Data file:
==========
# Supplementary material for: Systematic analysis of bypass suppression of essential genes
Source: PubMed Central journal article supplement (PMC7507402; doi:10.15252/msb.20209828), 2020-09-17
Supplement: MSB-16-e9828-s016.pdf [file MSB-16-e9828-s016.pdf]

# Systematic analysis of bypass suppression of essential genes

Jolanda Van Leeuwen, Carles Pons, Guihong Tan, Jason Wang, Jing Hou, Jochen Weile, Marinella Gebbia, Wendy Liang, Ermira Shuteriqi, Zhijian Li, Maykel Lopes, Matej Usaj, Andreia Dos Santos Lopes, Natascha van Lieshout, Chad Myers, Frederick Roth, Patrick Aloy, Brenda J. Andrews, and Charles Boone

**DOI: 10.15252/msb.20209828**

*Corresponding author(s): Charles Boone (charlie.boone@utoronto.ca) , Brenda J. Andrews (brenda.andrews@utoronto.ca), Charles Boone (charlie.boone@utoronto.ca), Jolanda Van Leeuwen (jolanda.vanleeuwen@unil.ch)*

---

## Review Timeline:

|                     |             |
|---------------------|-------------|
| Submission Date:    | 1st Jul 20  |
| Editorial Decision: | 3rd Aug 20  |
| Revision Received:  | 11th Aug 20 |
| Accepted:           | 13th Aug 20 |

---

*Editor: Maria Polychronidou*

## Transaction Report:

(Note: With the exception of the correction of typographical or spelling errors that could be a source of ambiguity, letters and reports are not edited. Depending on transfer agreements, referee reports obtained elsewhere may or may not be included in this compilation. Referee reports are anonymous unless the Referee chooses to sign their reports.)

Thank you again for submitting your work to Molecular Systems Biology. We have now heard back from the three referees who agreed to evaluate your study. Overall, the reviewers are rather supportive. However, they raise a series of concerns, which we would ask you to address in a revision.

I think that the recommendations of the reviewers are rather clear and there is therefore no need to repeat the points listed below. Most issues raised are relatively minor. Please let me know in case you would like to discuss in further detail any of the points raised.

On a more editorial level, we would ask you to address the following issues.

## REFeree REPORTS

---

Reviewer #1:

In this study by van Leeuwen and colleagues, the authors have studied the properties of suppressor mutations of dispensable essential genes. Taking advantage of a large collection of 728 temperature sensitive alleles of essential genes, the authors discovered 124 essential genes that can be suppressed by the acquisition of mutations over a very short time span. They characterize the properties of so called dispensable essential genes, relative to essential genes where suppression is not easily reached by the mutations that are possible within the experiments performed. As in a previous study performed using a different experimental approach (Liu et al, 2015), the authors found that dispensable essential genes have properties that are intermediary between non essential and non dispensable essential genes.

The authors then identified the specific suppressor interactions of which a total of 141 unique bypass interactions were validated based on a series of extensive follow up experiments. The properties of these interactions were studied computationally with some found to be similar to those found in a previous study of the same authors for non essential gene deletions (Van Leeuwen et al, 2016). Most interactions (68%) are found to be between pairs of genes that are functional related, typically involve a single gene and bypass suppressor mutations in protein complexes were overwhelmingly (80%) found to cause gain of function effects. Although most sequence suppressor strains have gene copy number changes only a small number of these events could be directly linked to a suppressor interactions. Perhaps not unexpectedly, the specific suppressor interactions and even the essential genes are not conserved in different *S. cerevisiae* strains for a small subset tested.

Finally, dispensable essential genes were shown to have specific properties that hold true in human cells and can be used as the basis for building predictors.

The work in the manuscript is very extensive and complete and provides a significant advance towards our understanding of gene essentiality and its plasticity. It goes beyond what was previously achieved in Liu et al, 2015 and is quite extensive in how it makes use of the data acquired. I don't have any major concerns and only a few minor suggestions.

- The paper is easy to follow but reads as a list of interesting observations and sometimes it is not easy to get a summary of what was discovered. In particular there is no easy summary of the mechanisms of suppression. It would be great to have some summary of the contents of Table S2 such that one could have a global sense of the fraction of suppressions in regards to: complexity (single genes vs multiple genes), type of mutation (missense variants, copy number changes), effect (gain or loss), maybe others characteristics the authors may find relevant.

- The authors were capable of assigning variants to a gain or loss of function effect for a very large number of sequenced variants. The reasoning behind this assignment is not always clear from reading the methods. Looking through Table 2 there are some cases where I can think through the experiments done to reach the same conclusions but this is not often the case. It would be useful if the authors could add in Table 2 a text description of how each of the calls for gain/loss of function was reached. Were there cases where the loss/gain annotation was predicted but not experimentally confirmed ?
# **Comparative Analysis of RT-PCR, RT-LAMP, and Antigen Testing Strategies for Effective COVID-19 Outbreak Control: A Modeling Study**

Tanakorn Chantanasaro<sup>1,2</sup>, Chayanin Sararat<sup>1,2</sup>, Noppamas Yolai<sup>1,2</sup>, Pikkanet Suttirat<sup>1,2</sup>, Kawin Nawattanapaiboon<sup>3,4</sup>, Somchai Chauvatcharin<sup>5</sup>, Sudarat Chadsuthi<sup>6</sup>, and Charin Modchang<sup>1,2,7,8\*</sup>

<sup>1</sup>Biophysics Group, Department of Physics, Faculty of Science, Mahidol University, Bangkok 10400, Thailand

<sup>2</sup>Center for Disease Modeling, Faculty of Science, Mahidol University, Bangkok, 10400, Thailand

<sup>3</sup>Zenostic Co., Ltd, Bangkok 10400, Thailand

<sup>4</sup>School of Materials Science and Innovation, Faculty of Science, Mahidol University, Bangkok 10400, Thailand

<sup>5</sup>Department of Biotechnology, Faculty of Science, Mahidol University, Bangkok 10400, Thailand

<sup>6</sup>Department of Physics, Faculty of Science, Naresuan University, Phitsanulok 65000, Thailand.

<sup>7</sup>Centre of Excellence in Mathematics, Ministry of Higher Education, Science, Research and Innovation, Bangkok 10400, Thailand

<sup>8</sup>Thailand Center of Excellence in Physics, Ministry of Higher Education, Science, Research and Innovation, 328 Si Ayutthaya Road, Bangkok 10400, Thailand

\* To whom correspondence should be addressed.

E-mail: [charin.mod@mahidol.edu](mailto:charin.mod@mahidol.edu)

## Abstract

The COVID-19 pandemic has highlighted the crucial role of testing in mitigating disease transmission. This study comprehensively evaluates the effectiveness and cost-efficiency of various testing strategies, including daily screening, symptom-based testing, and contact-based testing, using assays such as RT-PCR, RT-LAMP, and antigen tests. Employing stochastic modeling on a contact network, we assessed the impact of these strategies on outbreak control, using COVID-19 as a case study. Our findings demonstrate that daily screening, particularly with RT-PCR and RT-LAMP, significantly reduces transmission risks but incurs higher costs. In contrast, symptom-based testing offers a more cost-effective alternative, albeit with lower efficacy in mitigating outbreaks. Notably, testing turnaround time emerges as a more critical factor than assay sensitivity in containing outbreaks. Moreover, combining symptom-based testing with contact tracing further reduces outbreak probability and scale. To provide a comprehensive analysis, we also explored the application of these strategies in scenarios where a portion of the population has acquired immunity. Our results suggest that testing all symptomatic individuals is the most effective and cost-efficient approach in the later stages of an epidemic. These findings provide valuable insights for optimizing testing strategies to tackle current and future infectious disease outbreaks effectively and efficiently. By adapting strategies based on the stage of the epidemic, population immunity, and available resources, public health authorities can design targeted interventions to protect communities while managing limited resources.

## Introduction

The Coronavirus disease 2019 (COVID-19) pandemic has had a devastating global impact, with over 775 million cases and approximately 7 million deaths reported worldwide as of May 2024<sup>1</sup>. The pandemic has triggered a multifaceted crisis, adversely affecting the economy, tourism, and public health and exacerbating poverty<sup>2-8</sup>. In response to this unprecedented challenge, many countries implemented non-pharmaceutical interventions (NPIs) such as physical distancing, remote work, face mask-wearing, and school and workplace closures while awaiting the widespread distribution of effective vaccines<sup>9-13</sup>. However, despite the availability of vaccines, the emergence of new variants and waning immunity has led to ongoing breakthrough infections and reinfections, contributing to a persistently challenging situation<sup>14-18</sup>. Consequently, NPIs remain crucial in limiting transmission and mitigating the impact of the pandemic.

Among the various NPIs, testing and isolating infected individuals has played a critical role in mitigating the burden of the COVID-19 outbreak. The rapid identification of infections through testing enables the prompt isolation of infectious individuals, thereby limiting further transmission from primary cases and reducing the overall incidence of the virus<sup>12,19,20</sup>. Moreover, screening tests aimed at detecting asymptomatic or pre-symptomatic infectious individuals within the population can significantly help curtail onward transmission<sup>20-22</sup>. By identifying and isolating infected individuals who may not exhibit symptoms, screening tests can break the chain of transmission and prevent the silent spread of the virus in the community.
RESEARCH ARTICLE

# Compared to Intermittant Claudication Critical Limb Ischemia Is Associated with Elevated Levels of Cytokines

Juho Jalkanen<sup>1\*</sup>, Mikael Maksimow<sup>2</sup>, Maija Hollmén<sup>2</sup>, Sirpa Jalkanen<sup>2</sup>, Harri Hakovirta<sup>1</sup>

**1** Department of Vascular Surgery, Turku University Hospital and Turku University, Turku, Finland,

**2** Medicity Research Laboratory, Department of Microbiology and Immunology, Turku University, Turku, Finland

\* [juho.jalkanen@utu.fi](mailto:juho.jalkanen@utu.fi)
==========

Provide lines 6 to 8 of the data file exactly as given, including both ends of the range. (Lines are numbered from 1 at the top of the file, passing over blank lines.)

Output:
**DOI: 10.15252/msb.20209828**

*Corresponding author(s): Charles Boone (charlie.boone@utoronto.ca) , Brenda J. Andrews (brenda.andrews@utoronto.ca), Charles Boone (charlie.boone@utoronto.ca), Jolanda Van Leeuwen (jolanda.vanleeuwen@unil.ch)*

---